The odds are decidedly against Eli, alone but for his wits and skills, and occasionally he appears to be blessed, where he'll take a bullet to the back without getting hurt or escaping from a locked cell with an armed guard watching the door, or many such things. These seem a little out there on the oddity scale, as not all of it can be explained away rationally as an alternative to the idea of divine intervention. In this way the story gets a little far-fetched, but fortunately, don't hurt the flow of the story at all, simply makes it a little too fantastical to completely believe. The other problem I had was with the small town's ample resources. The place seems to somehow have plenty of fresh water and fuel, and while the water is explained satisfactorily, can anyone explain to me how proper fuel can exist in this type of place so that the bad guys who want to drive big trucks and motorcycles can do so? I know other movies in this setting have had vehicles that people drive, but unless they use some sort of alternative fuel, I can't believe it's gasoline they're filling their engines with 30 years after the fact.

No, this isn't what it looks like
The acting is mostly excellent, with Washington and Goldman raising the bar of what might have been expected of with a different cast. Jennifer Beals is also excellent as a blind concubine under Carnegie's control. There aren't many large roles in this movie, but plenty of good small roles, and a cast of Ray Stevenson, Michael Gambon, Tom Waits, Frances de la Tour, and Malcolm McDowell all do good jobs with their roles. The only one who could be considered a disappointment is Mila Kunis as Beals's daughter, a slave who ends up following Eli. Kunis has yet to show me any transformation in any of her roles, as they all remind me of Jackie Burkhart from That 70's Show. And she shows no deviation here. She's interesting only because it gives us a hero alongside Eli, but we didn't need that, it was a better David vs. Goliath story without the extra help.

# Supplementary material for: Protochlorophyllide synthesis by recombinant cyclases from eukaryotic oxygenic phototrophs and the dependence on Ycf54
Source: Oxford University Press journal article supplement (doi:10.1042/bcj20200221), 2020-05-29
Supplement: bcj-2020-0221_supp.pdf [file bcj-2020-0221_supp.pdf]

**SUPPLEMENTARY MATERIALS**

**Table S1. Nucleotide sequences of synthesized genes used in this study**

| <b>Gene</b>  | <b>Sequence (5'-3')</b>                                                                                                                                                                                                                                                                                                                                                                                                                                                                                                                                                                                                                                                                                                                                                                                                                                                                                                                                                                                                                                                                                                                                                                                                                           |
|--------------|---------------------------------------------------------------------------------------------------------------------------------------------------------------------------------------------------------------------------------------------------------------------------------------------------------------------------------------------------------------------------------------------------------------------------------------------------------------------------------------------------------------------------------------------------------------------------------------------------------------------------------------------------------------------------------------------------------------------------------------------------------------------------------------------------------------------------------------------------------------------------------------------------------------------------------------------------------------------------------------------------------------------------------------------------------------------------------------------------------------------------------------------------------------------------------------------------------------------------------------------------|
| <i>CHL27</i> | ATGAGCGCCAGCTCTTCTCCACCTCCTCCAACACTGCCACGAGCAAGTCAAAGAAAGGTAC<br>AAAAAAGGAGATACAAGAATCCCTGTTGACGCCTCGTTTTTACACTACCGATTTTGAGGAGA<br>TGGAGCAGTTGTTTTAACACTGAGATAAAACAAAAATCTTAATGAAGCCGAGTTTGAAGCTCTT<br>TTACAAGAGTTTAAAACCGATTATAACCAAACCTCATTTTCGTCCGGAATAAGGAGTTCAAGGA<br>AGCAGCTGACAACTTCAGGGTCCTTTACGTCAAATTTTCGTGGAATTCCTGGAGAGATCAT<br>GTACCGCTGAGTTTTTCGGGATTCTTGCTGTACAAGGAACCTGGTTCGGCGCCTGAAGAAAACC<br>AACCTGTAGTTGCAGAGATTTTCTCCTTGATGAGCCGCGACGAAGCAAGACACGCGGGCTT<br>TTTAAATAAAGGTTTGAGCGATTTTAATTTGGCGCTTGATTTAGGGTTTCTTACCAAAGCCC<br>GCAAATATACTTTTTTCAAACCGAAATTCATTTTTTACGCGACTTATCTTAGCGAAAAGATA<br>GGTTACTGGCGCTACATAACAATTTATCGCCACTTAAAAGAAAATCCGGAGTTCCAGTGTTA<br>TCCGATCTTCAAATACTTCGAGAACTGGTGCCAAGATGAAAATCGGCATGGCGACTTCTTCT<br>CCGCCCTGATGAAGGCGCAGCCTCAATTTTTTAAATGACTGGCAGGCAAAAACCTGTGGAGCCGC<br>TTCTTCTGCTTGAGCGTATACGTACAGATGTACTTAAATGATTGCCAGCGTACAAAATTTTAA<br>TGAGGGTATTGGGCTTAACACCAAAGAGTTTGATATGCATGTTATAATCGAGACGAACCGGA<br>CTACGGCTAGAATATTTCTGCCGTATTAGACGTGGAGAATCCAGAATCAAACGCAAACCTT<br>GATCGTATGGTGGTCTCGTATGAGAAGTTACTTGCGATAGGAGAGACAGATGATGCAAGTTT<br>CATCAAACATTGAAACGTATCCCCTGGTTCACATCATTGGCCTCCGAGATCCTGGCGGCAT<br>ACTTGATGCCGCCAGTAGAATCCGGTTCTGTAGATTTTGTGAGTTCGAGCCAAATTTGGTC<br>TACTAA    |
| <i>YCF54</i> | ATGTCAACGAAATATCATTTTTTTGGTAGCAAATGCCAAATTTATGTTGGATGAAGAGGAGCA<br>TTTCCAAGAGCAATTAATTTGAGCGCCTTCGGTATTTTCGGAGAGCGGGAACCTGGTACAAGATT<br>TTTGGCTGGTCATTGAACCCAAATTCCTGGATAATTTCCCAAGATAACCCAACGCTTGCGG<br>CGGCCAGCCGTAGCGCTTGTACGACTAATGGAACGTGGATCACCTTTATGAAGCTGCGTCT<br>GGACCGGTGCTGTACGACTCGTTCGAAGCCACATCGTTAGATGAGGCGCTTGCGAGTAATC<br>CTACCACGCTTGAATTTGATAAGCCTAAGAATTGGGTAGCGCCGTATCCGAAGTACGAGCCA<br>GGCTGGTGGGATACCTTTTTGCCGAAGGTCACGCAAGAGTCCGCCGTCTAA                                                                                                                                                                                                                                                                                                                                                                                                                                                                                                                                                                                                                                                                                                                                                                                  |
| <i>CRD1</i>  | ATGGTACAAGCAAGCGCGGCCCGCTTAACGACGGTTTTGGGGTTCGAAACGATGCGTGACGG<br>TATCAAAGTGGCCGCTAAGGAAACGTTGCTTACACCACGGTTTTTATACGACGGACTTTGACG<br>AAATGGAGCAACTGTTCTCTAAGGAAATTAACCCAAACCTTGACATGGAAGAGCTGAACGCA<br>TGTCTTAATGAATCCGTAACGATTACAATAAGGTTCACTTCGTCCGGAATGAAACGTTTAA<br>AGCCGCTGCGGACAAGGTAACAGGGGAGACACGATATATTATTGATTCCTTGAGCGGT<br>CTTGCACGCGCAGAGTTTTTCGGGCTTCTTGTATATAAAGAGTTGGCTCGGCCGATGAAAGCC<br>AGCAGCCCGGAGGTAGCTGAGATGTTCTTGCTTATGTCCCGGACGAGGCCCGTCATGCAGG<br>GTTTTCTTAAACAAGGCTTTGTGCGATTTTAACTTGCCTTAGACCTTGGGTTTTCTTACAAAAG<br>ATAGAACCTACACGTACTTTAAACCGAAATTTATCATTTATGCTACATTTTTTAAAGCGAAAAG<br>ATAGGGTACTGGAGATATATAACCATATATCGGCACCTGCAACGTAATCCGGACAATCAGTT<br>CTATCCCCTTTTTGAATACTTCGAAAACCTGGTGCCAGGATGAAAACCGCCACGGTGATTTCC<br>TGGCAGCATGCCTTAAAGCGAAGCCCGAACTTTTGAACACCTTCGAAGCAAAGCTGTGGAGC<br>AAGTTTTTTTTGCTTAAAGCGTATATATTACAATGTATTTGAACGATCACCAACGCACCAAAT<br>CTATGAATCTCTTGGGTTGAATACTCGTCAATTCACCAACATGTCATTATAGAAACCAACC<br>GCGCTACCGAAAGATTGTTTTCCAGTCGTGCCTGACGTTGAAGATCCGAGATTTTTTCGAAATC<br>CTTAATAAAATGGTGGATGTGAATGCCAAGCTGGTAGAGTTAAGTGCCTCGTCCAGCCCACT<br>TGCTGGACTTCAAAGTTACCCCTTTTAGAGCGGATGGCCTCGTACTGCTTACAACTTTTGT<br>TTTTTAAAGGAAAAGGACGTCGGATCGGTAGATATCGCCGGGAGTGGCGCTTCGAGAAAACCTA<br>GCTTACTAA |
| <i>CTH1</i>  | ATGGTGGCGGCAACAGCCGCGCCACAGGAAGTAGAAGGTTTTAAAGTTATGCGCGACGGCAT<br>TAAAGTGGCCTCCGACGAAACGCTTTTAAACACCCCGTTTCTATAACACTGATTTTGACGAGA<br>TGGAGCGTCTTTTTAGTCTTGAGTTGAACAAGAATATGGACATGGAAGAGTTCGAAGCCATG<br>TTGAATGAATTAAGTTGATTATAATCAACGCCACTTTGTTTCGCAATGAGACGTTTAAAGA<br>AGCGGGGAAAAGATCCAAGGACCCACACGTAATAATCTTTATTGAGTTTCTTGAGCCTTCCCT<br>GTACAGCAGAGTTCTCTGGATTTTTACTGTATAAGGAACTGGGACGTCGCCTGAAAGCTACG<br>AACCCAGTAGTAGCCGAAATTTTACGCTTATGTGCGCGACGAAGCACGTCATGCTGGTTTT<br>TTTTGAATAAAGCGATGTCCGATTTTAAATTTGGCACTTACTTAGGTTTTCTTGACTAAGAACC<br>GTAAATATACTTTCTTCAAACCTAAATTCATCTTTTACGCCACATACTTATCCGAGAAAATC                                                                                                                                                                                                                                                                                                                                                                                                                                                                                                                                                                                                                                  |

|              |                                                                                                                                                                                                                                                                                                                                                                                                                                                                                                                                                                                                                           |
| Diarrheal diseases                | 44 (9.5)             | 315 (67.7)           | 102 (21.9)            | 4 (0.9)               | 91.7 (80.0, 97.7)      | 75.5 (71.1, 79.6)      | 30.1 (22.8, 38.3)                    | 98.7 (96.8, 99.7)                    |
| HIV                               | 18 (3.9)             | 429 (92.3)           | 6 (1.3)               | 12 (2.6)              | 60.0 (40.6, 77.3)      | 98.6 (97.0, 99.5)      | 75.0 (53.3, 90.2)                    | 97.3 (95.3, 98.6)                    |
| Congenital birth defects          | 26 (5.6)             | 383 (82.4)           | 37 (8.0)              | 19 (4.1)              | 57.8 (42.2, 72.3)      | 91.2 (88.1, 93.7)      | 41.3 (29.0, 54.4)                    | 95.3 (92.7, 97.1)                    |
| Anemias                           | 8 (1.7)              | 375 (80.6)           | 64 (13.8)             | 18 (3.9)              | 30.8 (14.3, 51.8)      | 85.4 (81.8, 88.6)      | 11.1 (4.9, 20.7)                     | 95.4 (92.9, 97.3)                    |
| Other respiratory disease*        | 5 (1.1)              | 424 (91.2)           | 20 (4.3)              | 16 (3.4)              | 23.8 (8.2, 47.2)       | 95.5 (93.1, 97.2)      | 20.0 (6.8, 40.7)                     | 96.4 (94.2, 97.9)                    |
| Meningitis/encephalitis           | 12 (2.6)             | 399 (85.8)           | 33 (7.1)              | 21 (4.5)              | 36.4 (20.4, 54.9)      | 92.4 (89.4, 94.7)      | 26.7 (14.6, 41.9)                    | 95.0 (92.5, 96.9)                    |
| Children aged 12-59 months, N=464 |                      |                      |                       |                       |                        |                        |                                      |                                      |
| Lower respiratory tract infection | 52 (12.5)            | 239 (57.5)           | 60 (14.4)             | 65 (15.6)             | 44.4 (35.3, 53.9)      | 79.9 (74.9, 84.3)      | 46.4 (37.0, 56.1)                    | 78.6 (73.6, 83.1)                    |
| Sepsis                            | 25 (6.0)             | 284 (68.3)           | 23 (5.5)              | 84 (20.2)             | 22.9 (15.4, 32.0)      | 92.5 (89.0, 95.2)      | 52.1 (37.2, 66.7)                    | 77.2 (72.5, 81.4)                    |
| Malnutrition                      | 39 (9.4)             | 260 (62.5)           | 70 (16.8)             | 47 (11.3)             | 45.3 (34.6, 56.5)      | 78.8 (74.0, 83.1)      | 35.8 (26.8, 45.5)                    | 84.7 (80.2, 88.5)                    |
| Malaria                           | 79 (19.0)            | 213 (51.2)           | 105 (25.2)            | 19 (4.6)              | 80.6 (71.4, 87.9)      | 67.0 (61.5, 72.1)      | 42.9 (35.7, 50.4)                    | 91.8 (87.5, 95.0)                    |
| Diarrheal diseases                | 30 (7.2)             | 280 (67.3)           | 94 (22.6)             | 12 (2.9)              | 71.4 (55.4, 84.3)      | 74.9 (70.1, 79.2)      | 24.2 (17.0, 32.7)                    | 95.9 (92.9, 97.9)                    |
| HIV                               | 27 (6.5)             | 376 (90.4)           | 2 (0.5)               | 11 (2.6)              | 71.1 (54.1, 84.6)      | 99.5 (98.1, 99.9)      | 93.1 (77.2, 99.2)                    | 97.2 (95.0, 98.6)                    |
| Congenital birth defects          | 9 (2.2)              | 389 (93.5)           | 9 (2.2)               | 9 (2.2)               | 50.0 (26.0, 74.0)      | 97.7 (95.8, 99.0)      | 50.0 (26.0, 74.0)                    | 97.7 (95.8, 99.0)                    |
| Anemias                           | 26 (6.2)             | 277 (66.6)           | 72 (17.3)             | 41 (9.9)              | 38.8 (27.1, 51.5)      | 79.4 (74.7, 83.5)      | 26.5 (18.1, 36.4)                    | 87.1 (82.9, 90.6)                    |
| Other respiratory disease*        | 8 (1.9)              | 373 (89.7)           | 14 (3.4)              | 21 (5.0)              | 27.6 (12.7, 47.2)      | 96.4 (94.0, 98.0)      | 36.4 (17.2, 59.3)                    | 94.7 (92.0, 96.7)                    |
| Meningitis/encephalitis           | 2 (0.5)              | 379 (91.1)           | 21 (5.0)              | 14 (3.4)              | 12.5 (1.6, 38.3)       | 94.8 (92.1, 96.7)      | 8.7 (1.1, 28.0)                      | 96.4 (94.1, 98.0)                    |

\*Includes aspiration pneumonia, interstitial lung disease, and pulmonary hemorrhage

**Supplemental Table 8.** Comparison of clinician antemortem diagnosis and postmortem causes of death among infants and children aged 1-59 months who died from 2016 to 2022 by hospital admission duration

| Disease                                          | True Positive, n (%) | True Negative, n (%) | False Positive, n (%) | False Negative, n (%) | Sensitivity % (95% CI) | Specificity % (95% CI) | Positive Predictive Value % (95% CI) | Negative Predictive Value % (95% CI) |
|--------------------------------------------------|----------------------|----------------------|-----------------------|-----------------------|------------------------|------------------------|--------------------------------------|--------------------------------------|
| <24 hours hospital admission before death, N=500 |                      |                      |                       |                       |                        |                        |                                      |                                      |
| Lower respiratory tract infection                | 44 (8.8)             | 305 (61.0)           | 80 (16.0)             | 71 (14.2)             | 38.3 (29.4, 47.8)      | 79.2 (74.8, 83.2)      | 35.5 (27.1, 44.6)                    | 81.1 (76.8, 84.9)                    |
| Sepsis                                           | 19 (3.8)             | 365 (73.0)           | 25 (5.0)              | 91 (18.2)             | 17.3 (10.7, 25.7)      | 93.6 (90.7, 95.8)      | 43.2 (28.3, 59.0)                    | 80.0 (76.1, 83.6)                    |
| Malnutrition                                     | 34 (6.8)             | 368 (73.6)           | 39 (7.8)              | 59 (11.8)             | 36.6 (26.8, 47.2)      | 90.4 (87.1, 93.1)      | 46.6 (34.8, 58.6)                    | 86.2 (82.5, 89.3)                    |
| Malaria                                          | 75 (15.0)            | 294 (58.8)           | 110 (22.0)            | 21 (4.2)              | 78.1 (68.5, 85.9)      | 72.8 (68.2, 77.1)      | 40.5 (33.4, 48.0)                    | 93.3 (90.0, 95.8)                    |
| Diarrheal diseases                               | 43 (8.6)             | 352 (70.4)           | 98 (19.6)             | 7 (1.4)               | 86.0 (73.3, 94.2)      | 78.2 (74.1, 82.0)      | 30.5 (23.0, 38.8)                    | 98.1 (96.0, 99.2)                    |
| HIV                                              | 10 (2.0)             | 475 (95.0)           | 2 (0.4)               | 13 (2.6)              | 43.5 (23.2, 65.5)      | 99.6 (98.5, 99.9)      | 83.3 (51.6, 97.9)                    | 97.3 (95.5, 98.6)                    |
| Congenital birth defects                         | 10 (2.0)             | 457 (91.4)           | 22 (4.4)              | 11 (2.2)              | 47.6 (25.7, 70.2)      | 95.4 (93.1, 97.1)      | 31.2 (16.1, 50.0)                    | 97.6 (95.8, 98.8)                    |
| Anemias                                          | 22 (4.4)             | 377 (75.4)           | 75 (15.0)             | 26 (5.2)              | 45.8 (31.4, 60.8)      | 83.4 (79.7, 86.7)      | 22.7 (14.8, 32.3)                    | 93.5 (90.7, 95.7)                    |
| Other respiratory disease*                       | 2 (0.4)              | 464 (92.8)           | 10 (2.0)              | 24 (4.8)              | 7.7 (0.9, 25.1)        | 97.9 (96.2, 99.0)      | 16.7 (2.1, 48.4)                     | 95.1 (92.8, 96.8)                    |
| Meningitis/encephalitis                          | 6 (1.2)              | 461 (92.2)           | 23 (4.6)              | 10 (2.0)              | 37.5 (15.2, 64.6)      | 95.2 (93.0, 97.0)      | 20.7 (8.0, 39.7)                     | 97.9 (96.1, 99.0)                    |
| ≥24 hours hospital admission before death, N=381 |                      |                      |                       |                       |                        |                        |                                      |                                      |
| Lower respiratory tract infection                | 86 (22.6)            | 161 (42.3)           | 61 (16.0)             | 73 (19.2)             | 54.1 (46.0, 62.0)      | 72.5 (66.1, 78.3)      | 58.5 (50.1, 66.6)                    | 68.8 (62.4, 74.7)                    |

Walking the roads
I never expected to like The Book of Eli as much as I did. It's a shame it was released when it was; if it had been released in the brief time between when Avatar and Inception had been in the theaters, it may have had a chance to do much more at the box office. Still, it hasn't been a total loss. The studio made their money back and then some, and when the movie was released on DVD, it was an excellent seller, meaning it hadn't been completely overlooked. And that's good, since this is a smart, fascinating film that has enough surprises to make you shriek and is smart enough to keep you interested until the final credits. It just goes to show, don't ever underestimate a Denzel Washington film.


brian said...

not to nitpick, but American Gangster was 2007, not 1997.

Gianni said...

Yup, you're absolutely right, I wrote the date down wrong. Thanks, fixed the problem now.